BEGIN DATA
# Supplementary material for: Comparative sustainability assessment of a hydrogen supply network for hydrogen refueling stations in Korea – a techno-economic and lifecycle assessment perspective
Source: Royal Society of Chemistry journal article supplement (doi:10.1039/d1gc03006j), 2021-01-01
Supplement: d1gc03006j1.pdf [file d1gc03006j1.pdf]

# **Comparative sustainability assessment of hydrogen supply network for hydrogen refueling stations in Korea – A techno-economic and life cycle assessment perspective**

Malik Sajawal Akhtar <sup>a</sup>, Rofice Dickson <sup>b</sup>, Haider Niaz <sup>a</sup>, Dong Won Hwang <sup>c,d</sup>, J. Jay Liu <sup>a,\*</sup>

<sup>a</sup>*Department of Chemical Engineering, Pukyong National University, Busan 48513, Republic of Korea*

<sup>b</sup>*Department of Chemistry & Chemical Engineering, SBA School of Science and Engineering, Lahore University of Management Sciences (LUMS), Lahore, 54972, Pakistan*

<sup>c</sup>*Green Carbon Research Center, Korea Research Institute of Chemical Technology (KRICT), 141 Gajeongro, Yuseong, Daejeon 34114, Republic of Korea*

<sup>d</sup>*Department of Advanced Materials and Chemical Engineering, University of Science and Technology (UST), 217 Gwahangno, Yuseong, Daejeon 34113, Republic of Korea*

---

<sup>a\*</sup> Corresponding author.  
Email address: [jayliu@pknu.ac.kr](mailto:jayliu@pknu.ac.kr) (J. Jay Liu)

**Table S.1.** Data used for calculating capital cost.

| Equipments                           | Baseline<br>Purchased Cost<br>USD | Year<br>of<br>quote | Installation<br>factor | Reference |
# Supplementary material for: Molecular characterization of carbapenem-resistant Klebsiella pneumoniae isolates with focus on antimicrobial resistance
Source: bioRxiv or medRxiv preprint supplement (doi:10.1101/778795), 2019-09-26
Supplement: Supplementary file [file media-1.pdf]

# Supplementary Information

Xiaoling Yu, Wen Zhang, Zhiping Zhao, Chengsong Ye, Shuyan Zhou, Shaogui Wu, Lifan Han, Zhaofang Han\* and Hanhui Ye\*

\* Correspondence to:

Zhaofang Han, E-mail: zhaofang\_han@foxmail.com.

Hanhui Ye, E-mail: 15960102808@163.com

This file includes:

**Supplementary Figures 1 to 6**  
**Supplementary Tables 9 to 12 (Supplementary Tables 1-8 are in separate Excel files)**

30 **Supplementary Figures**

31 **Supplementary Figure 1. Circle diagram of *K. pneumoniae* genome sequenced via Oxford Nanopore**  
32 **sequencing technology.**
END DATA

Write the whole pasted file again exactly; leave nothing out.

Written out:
# Supplementary material for: Comparative sustainability assessment of a hydrogen supply network for hydrogen refueling stations in Korea – a techno-economic and lifecycle assessment perspective
Source: Royal Society of Chemistry journal article supplement (doi:10.1039/d1gc03006j), 2021-01-01
Supplement: d1gc03006j1.pdf [file d1gc03006j1.pdf]

# **Comparative sustainability assessment of hydrogen supply network for hydrogen refueling stations in Korea – A techno-economic and life cycle assessment perspective**

Malik Sajawal Akhtar <sup>a</sup>, Rofice Dickson <sup>b</sup>, Haider Niaz <sup>a</sup>, Dong Won Hwang <sup>c,d</sup>, J. Jay Liu <sup>a,\*</sup>

<sup>a</sup>*Department of Chemical Engineering, Pukyong National University, Busan 48513, Republic of Korea*

<sup>b</sup>*Department of Chemistry & Chemical Engineering, SBA School of Science and Engineering, Lahore University of Management Sciences (LUMS), Lahore, 54972, Pakistan*

<sup>c</sup>*Green Carbon Research Center, Korea Research Institute of Chemical Technology (KRICT), 141 Gajeongro, Yuseong, Daejeon 34114, Republic of Korea*

<sup>d</sup>*Department of Advanced Materials and Chemical Engineering, University of Science and Technology (UST), 217 Gwahangno, Yuseong, Daejeon 34113, Republic of Korea*

---

<sup>a\*</sup> Corresponding author.  
Email address: [jayliu@pknu.ac.kr](mailto:jayliu@pknu.ac.kr) (J. Jay Liu)

**Table S.1.** Data used for calculating capital cost.

| Equipments                           | Baseline<br>Purchased Cost<br>USD | Year<br>of<br>quote | Installation<br>factor | Reference |
# Supplementary material for: Molecular characterization of carbapenem-resistant Klebsiella pneumoniae isolates with focus on antimicrobial resistance
Source: bioRxiv or medRxiv preprint supplement (doi:10.1101/778795), 2019-09-26
Supplement: Supplementary file [file media-1.pdf]

# Supplementary Information

Xiaoling Yu, Wen Zhang, Zhiping Zhao, Chengsong Ye, Shuyan Zhou, Shaogui Wu, Lifan Han, Zhaofang Han\* and Hanhui Ye\*

\* Correspondence to:

Zhaofang Han, E-mail: zhaofang\_han@foxmail.com.

Hanhui Ye, E-mail: 15960102808@163.com

This file includes:

**Supplementary Figures 1 to 6**  
**Supplementary Tables 9 to 12 (Supplementary Tables 1-8 are in separate Excel files)**

30 **Supplementary Figures**

31 **Supplementary Figure 1. Circle diagram of *K. pneumoniae* genome sequenced via Oxford Nanopore**  
32 **sequencing technology.**